Sometimes, as in the case of a credit sale, the creditor and the supplier
are the same person. Where this happens the same agreement often deals both
with providing the credit and supplying its object.
Regulated credit agreements are divided into categories according to whether
or not the debtor is free to use the credit as he pleases. If a small shopkeeper
asks for a bank loan to buy a delivery truck the bank manager may insist
on paying the money direct to the seller of the truck. This will be a restricted-use
credit. If on the other hand the bank manager trusts his customer and gives
him an ordinary overdraft this will be an unrestricted-use credit.
Regulated credit agreements are also divided into debtor-creditor-supplier
agreements and debtor-creditor agreements. The distinction is a simple one.
If the creditor is also the supplier, or has a business connection with
the supplier, it is a debtor-creditor-supplier agreement. If the creditor
is not also the supplier, and has no business connection with the supplier,
it is a debtor-creditor agreement; the creditor merely provides the credit,
though he is not necessarily indifferent to how the debtor uses it.
Where the transaction financed by a debtor-creditor-supplier agreement is
effected by a separate agreement it is called a linked transaction, and
in some respects (notably the debtor’s right of cancellation) is treated
by the Act in the same way as if it had been part of the credit agreement.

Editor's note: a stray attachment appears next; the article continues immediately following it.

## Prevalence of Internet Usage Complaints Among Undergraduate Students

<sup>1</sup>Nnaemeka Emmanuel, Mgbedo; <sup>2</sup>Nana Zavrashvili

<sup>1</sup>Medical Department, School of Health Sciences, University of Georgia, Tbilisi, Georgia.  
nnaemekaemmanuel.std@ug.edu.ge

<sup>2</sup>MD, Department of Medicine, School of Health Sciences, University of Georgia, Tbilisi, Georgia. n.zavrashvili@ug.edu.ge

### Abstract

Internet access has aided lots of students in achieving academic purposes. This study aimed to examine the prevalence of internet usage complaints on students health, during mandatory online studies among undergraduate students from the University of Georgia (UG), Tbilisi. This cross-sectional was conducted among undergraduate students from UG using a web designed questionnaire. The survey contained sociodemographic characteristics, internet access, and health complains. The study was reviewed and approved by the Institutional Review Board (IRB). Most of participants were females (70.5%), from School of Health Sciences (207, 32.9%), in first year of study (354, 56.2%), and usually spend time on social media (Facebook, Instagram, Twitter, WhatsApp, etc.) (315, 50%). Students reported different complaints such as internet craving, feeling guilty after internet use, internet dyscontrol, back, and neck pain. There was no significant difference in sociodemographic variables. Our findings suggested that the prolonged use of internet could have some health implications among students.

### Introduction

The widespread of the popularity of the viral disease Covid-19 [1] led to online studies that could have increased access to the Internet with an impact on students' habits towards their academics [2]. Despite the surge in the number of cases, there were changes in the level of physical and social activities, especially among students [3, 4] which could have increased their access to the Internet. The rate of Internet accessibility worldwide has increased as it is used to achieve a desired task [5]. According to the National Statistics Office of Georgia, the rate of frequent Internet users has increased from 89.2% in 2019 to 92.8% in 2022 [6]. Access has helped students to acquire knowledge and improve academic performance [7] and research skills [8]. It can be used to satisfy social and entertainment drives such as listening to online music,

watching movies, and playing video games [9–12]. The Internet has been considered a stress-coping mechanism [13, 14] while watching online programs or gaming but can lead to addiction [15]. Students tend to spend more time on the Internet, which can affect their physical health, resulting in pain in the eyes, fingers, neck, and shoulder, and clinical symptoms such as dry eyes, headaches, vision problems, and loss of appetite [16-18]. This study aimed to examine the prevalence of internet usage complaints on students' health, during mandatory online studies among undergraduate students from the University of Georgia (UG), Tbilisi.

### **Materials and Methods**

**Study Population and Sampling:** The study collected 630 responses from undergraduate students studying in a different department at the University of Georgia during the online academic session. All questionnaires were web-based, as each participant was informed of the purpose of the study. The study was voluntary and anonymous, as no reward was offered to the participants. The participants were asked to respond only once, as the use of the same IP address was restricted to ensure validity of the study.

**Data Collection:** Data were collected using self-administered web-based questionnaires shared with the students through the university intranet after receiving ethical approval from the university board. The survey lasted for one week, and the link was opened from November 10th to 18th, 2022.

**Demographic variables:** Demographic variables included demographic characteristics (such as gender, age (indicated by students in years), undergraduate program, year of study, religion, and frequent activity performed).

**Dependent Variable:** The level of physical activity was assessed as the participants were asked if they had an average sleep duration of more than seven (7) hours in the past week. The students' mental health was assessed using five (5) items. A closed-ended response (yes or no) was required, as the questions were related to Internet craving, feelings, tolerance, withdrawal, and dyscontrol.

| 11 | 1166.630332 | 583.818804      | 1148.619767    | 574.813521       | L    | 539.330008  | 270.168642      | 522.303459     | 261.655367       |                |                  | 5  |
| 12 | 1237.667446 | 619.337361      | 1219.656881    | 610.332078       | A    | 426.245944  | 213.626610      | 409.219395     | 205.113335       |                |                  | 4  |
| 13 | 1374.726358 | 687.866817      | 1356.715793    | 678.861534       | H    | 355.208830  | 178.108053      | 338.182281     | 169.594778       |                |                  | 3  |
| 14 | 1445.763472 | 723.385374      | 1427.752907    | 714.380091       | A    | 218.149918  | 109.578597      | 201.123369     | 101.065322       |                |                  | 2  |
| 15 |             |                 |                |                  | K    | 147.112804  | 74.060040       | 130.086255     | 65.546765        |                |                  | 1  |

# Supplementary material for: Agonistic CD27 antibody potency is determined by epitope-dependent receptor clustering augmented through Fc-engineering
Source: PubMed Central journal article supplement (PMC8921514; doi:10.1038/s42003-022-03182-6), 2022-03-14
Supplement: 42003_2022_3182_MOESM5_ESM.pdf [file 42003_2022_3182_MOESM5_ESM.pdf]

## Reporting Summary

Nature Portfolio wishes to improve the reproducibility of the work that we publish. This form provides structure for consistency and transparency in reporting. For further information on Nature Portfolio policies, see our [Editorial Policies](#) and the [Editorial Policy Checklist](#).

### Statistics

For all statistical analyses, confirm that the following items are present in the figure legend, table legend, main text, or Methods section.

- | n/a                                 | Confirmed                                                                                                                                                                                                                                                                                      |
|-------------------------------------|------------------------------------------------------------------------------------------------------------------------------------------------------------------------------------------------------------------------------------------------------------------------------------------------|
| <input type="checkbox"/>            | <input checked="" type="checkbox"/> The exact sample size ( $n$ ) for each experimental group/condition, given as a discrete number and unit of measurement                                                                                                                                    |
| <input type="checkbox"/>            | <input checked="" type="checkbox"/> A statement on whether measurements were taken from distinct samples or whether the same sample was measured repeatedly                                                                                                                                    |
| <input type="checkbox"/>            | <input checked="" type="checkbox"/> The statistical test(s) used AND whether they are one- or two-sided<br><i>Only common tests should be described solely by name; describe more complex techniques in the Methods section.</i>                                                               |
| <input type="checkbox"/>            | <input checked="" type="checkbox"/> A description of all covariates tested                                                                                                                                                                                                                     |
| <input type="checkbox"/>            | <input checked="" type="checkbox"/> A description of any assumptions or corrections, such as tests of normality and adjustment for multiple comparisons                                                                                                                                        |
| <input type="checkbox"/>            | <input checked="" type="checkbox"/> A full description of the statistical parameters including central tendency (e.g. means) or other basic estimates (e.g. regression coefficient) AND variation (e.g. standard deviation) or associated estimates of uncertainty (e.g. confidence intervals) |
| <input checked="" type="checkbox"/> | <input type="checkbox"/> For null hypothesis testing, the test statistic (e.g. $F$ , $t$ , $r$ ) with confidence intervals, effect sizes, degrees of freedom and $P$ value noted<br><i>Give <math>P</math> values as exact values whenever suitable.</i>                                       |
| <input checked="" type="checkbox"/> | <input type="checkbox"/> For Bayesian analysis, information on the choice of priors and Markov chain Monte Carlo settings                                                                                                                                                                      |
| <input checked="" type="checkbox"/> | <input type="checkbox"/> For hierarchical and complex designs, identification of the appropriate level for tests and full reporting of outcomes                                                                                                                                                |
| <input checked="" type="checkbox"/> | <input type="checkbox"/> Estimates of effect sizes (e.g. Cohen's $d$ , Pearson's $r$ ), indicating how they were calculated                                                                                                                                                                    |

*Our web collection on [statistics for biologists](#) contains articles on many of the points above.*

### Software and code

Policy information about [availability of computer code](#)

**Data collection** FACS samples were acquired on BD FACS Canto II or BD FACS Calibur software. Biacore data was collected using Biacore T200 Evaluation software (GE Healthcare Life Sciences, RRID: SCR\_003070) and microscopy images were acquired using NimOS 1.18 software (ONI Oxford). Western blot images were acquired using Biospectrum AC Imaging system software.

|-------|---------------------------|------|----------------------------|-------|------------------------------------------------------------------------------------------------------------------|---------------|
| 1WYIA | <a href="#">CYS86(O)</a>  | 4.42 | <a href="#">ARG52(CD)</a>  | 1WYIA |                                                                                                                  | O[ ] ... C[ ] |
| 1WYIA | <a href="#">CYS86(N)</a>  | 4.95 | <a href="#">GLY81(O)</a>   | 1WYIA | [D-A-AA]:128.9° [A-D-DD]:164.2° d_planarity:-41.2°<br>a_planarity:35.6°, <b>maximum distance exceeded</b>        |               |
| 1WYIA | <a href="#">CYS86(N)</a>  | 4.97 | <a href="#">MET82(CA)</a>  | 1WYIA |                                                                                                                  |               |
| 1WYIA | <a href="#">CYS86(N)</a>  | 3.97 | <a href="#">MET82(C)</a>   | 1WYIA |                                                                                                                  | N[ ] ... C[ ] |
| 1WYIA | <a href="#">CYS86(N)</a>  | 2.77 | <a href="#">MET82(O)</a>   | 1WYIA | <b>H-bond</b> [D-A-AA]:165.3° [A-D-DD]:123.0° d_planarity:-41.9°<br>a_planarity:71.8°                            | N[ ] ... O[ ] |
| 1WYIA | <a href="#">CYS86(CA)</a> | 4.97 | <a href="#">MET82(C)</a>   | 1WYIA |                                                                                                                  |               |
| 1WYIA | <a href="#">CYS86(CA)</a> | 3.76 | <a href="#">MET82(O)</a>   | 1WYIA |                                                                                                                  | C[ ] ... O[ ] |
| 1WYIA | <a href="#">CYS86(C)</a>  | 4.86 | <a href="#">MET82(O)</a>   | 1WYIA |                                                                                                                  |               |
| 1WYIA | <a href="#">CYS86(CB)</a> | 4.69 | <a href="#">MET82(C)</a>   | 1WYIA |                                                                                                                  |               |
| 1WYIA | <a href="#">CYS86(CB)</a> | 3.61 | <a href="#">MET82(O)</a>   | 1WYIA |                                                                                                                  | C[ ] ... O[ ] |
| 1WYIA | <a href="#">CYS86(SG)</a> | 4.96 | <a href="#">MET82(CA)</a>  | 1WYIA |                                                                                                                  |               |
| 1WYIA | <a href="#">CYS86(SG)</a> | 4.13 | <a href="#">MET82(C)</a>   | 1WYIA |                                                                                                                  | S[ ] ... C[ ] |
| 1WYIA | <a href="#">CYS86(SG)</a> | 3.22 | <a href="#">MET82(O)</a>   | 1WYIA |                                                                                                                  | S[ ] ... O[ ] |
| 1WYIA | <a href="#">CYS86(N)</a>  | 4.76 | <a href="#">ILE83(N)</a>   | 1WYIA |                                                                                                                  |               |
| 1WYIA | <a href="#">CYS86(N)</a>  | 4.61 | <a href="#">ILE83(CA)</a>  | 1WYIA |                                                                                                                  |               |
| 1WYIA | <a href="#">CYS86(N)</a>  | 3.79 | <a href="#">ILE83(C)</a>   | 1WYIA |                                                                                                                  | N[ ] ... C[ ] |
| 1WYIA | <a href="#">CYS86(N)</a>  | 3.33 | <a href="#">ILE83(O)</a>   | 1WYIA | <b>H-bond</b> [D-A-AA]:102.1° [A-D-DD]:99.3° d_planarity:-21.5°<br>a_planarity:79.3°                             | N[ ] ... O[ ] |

The Act also aims to catch, as linked transactions, subsidiary agreements
into which the debtor may have been persuaded to enter. Examples are maintenance
and insurance agreements entered into on the purchase of consumer durables.
Anyone who, in the course of business, introduces an individual to a credit-grantor
is called by the Act a credit-broker, even though this may not be his main
business. Often a supplier will also be a credit-broker, as where a motor
car salesman introduces his customer to a finance company.
Part III of the Act lays down the system under which it is necessary to
obtain a licence from the Director General of Fair Trading in order to carry
on a consumer credit business or a consumer hire business. Part IV regulates
the methods by which people carrying on such businesses are permitted to
advertise their services or in other ways seek custom.
Regulating individual credit and hire agreements
We next come to the five Parts of the Act which regulate individual credit
and hire agreements. Part V deals with entry into such agreements, pt VI
with matters arising during the currency of agreements, pt VII with default
by the debtor or hirer and the termination of agreements generally, pt VIII
with security and pt IX with control by the county court over the enforcement
of agreements by the creditor or (in the case of hire agreements) the owner.
Part X applies to ancillary credit businesses, such as credit-brokerage,
the provisions of the Act relating to licensing and the seeking of business.
Part XI deals with enforcement of the Act, and pt XII contains supplementary
provisions. The area within which the Act operates is clearly marked out
by this division into Parts, and the title of the Part is given in a shoulder
note on every page—a new feature in legislation, which helps
the user to find his way round the Act.
Within the Parts there is also a logical arrangement of the various sections,
and powers to make regulations and other subordinate instruments are conferred